This afternoon, after a two-day hearing in Cuyahoga County courts, good news came for Ricky Jackson.
Ricky Jackson, now 59 years old, has spent the last 39 years of his life in prison for a 1975 murder that he and two of his friends didn't commit.
This week's hearing was held after motions filed by the Ohio Innocence Project on Jackson's behalf. The conviction, as a 2011 Scene investigation that led to the Ohio Innocence Project's involvement detailed
, rested on a lie that served as the sole piece of evidence that sent Jackson, then 18 years old, and brothers Ronnie and Wiley Bridgeman, then 17 and 20 years old respectively, to death row.
The lone witness at the time was a 13-year-old boy on a school bus. After Scene's 2011 investigation, that witness, Edward Vernon, would eventually recant his testimony, admitting he lied under police pressure.
In March of this year, armed with a sworn affidavit from Vernon, the Ohio Innocence Project filed a motion for a new trial.
This afternoon, Cuyahoga County Prosecutor Tim McGinty entered the courtroom, making his first appearance in the two-day hearing. It all came down to the closing arguments, and McGinty said the state would drop its opposition to Jackson's motion for a new trial and would dismiss the charges against the three altogether.
Jackson will walk out of jail on Friday a free man. His 39 years would make the longest wrongfully incarcerated case in Ohio history, according to the Innocence Project, and one of the longest in the nation.
A quick catch-up on the case from our March update on the filings:
On May 19, 1975, a money order salesmen named Harold Franks was attacked and killed outside a corner store south of University Circle. Not long after the crime, the Bridgemans and Jackson were arrested. Police produced a 13-year-old boy from the neighborhood named Eddie Vernon. He claimed he saw Jackson and Ronnie Bridgeman attack Franks, then drive off in a car with Wiley.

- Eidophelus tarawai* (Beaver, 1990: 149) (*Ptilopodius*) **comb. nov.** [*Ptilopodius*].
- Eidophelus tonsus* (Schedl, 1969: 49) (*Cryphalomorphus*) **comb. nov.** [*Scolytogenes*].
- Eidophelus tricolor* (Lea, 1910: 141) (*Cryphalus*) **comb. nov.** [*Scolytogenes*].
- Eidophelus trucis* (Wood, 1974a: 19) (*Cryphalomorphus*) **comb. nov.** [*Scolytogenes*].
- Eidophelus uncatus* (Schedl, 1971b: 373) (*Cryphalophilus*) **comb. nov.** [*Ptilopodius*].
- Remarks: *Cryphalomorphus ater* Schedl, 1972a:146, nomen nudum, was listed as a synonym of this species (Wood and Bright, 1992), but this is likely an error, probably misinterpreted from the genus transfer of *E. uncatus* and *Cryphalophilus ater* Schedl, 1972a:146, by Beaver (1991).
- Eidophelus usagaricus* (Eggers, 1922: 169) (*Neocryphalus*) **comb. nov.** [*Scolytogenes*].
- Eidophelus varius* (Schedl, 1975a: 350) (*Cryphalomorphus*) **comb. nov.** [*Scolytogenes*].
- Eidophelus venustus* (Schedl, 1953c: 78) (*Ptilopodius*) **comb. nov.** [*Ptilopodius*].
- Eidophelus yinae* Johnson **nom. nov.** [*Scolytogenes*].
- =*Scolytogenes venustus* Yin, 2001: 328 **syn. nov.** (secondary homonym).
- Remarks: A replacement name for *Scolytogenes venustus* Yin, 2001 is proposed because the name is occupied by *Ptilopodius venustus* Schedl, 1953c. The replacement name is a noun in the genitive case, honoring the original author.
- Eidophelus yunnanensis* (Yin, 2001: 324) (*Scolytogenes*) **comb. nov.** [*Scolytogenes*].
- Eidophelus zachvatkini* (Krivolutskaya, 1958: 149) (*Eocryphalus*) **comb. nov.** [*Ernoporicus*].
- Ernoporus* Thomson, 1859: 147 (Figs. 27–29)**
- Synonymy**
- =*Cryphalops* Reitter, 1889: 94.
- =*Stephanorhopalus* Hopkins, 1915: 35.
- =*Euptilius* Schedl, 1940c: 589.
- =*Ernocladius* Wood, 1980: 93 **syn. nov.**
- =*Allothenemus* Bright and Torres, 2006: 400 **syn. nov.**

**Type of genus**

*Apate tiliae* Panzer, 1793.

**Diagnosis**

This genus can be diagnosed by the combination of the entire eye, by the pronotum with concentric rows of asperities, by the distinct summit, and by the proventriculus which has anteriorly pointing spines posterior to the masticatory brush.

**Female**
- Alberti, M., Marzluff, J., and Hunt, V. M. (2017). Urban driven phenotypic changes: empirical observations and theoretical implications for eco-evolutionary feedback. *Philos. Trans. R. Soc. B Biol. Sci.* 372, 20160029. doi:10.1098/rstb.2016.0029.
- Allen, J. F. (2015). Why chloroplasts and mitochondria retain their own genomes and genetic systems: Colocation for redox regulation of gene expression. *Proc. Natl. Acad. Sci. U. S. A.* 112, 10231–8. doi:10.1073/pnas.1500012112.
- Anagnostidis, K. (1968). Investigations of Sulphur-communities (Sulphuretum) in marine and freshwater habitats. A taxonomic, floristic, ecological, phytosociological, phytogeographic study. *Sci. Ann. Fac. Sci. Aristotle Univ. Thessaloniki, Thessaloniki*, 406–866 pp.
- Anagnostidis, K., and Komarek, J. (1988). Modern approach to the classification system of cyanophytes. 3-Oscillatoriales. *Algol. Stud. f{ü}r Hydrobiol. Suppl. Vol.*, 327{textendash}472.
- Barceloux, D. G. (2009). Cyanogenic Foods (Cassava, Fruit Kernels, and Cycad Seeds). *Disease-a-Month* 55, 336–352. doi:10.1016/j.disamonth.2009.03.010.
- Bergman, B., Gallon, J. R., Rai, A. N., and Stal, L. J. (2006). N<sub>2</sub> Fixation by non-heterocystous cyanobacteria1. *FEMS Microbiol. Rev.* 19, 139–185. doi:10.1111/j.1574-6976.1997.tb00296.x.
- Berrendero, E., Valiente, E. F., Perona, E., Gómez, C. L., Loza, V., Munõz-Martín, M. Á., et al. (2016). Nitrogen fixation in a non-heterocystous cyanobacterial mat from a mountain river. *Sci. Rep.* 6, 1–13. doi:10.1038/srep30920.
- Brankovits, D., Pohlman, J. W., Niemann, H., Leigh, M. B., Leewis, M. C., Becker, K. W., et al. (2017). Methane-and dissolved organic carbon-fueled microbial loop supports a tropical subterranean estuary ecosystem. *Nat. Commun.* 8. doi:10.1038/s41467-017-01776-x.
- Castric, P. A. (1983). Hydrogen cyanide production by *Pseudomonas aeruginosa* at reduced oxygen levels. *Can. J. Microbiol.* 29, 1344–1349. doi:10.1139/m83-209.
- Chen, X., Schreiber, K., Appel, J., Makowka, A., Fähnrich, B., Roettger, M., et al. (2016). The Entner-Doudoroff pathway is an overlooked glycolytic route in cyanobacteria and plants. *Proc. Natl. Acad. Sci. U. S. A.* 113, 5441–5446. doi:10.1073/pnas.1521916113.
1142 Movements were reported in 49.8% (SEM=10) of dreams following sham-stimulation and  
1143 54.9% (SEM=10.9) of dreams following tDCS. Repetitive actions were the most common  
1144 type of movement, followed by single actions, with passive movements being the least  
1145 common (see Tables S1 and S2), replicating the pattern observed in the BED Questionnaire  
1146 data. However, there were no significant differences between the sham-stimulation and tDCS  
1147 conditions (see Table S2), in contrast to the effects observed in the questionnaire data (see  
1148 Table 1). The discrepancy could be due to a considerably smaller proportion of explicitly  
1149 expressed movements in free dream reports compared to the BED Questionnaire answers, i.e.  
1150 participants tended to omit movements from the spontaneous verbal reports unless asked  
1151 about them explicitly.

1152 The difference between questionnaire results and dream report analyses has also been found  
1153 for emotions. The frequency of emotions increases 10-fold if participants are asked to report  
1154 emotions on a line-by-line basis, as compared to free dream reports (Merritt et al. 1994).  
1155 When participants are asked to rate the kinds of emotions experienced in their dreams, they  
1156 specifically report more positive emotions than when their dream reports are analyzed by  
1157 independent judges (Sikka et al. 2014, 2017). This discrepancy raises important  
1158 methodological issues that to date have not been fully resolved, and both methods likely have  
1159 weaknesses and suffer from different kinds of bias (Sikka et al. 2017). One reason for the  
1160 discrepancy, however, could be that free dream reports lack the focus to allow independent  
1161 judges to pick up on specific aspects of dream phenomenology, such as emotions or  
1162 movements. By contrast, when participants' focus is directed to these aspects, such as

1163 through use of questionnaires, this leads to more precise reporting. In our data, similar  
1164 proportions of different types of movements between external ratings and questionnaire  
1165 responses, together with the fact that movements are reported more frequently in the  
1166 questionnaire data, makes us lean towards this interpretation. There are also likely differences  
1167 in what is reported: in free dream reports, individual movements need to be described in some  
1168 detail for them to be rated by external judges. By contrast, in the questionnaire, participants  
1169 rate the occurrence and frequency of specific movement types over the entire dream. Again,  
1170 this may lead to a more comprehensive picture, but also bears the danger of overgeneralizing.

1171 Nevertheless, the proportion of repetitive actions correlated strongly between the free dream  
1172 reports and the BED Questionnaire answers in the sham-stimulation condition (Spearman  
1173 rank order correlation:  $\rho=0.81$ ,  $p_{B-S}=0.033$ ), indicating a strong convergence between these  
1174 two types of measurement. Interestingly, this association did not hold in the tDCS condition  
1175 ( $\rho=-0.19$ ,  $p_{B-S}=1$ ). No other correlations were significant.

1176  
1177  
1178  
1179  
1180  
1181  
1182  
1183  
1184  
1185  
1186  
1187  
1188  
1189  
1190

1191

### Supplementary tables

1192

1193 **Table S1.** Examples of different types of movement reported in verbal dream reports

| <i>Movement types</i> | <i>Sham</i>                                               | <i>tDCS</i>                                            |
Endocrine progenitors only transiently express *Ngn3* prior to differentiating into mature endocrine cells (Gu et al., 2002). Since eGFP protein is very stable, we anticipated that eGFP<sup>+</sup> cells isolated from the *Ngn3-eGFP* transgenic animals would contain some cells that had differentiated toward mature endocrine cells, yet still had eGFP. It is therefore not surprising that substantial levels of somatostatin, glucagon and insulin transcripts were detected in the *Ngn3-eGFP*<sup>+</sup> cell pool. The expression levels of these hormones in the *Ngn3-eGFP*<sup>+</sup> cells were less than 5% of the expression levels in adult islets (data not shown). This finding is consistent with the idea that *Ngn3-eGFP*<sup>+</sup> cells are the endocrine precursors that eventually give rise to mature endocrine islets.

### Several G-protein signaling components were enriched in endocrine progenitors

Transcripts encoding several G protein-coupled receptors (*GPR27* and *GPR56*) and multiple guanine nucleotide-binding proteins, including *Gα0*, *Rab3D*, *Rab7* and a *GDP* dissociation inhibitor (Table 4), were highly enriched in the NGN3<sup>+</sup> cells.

No physical evidence connected the three to the shooting — no DNA or fingerprints, no clothing matching the description of what the assailants were wearing, no link to a .38-caliber pistol used in the crime, no connection to the two-tone green car pegged as the getaway vehicle. The money orders stolen from Franks were never located.
In our 2011 feature story, friends recalled being with the boys at the time of the shooting. Also, police records showed informants told police the robbery was the work of known stick-up men. Still, law enforcement never followed up on those leads after the arrests.
Cleveland Police and Cuyahoga County prosecutors hung their whole case on Eddie Vernon's testimony, even though his accounts were pocked with inconsistencies and errors. In the course of four separate trials, defense attorneys repeatedly attacked his credibility. Prosecutors countered: why would the boy lie?
In this week's court filings, an affidavit from Vernon finally gives the answer.
“I think I just wanted to be helpful,” Vernon states in the affidavit. “You have to understand I was 12 years old at the time. I thought I was doing the right thing.”
In the recent filing, Vernon admits he never saw the actual incident. He approached the crime scene with other onlookers after the shooting. Vernon heard a friend mention the Bridgemans and Jackson, although the friend hadn't seen the crime. Vernon, who was friendly with the corner store owner, volunteered the information.
Police put Vernon before a line-up that included Ricky Jackson. The boy didn't identify anyone. “I thought that was it and I would just go home,” he said. “I couldn't understand how the other boys would still be under arrest after I didn't pick them out.”
But the detective investigating the case took the boy into a back room. “He got really loud and angry and started yelling at me and calling me a liar. He was slamming his hands on the table, and pushing things around, calling me this and that. I was frightened and crying. You know it's a scary thing for someone that young.”
Vernon says he was threatened by police. “The detective said that I was too young to go to jail, but he would arrest my parents for perjury because I was backing out. My mom was sick at that time, and that really scared me. I didn't want my parents to get in trouble over this.”
The boy then went back out into the hallway and identified Ricky Jackson. He later testified against all three defendants.
The case snowballed from there.